Featured Research

from universities, journals, and other organizations

Dynamic, dark energy in an accelerating universe

Date:
January 14, 2013
Source:
Basque Research
Summary:
A new model is contributing towards understanding the nature of dark energy. If dark energy did not exist, the gravitational pull exerted by matter would slow down the expansion of the universe, but observations have concluded that the opposite is the case. Dark energy is what makes the universe expand in an accelerating way.

Irene Sendra-Server, PhD holder in Physics and research scientist in the UPV/EHU’s Department of Theoretical Physics and History of Science.
Credit: Image courtesy of Basque Research

The models proposed by the UPV/EHU-University of the Basque Country researcher are contributing towards understanding the nature of dark energy.

It was cosmology that drew Irene Sendra from Valencia to the Basque Country. Cosmology also gave her the chance to collaborate with one of the winners of the 2011 Nobel Prize for Physics on one of the darkest areas of the universe. And dark matter and dark energy, well-known precisely because so little is known about them, are in fact the object of the study by Sendra, a researcher in the Department of Theoretical Physics and History of Science of the UPV/EHU's Faculty of Science and Technology.

"Observations tell us that about 5% of the universe is made up of ordinary matter; 22% corresponds to dark matter, which we know exists because it interacts gravitationally with ordinary matter; another 73% is dark energy, which is known to be there because otherwise one would not be able to account for the accelerating expansion of the universe," explains Irene Sendra; "We are trying to find out a bit more about what dark energy is," she adds.

If dark energy did not exist, the gravitational pull exerted by matter would slow down the expansion of the universe, but observations have concluded that the opposite is the case.Dark energy is what makes the universe expand in an accelerating way, and contributing towards understanding its nature is the basis of the research Sendra has done as part of her PhD thesis entitled: "Cosmology in an accelerating universe: observations and phenomenology."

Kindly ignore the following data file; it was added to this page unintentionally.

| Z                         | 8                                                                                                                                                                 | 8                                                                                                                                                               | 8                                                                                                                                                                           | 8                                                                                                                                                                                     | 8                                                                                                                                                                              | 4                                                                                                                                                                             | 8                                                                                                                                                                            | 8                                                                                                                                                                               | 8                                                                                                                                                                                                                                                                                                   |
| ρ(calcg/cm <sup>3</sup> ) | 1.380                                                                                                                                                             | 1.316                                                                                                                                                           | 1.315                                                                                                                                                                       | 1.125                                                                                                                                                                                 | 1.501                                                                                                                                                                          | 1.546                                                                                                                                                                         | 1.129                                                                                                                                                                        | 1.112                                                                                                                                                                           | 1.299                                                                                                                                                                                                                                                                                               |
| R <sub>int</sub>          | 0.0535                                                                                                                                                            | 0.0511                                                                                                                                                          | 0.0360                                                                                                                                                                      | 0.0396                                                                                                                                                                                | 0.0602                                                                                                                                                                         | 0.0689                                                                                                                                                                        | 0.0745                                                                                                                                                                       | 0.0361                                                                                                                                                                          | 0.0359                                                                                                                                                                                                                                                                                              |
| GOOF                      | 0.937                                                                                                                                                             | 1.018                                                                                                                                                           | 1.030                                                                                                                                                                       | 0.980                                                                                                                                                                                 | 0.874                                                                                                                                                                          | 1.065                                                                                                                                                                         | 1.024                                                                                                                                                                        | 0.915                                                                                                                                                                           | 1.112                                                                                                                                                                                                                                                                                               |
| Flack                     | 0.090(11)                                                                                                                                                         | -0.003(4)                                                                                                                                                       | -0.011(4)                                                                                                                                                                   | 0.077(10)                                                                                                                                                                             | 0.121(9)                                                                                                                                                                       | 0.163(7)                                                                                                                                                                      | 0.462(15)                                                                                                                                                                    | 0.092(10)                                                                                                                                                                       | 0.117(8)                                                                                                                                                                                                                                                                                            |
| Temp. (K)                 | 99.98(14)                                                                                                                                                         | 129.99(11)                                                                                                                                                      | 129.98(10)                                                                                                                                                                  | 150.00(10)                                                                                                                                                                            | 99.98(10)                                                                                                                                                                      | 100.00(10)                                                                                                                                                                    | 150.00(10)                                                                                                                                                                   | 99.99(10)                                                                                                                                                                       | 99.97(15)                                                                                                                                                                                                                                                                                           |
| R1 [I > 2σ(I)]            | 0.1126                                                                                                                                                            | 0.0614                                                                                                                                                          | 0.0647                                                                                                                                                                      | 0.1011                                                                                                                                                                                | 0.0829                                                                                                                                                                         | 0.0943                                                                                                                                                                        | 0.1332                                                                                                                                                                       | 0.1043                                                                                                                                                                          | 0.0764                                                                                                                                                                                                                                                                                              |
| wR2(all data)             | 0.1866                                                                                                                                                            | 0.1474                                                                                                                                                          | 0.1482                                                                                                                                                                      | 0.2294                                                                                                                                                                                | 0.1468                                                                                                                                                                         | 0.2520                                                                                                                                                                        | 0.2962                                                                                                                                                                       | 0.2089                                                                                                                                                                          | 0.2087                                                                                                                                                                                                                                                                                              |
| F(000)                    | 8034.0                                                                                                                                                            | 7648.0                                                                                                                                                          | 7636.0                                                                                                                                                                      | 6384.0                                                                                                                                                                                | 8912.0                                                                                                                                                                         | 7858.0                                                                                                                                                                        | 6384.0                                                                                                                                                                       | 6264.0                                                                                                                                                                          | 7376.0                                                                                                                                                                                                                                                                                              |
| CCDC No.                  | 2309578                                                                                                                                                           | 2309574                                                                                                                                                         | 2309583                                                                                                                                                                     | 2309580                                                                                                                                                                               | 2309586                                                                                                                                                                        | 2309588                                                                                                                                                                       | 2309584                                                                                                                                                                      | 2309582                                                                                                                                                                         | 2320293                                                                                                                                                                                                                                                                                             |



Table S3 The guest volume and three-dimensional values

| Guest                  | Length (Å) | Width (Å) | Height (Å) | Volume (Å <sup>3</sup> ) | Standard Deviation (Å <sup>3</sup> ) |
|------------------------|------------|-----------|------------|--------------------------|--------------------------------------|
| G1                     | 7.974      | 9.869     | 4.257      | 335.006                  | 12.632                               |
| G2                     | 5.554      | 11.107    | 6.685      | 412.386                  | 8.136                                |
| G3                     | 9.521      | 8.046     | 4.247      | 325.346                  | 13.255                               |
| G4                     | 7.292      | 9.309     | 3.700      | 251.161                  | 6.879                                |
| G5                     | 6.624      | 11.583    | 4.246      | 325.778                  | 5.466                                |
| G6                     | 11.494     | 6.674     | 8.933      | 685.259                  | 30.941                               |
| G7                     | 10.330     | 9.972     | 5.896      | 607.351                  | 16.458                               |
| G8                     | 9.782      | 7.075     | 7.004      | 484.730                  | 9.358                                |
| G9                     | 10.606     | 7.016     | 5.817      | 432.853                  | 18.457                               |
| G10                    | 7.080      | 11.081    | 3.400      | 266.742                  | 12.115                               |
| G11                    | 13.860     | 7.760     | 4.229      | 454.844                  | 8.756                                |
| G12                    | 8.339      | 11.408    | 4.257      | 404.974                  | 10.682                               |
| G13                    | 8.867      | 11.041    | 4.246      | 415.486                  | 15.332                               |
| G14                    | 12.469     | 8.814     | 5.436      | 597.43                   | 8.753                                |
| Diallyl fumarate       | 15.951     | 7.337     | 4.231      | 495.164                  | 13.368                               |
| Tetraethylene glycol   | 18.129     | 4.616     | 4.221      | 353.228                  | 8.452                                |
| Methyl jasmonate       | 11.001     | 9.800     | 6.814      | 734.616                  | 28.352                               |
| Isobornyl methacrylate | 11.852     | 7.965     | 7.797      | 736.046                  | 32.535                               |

The research starts with the hypothesis that dark energy could be dynamic.The most widely accepted model, known as the Lambda-CDM, explains the acceleration of the universe by means of the cosmological constant, whose equation of state would have a value of -1, constant throughout the whole evolution of the universe.However, there are observations which this model cannot account for."We look for a dynamic, dark energy that would vary over time; we apply various models to the observable data, we play around with small disturbances, and we see whether they adapt better than a constant," explains Sendra.

Making use of mathematical and statistical tools, the values that the observation proposes for the parameters studied are compared with those proposed by the model."So,throughmany iterations, we can see which values would take the constants of our model.The equation of state of dark energy is worth practically -1 now, but it appears to have evolved from different values in the past; however, there is still a high percentage of error in determining these values."According to Sendra's calculations, these data are consistent with dynamic dark energy, which would vary with the redshift observed in the universe.Results that have yet to be published and obtained in collaboration with Adam Riess, the 2011 Nobel Prize Winner for Physics, go further in that direction.

In this PhD thesis, besides studying the equation of state of dark energy, a new model has been proposed and it would unite dark energy with dark matter.As Sendra explains, "They could be the same thing that is manifested in a different way depending on the context; we have explained the effect of both of them through one single component, and the observations give better results in this model than in others that try to unite matter and dark energy."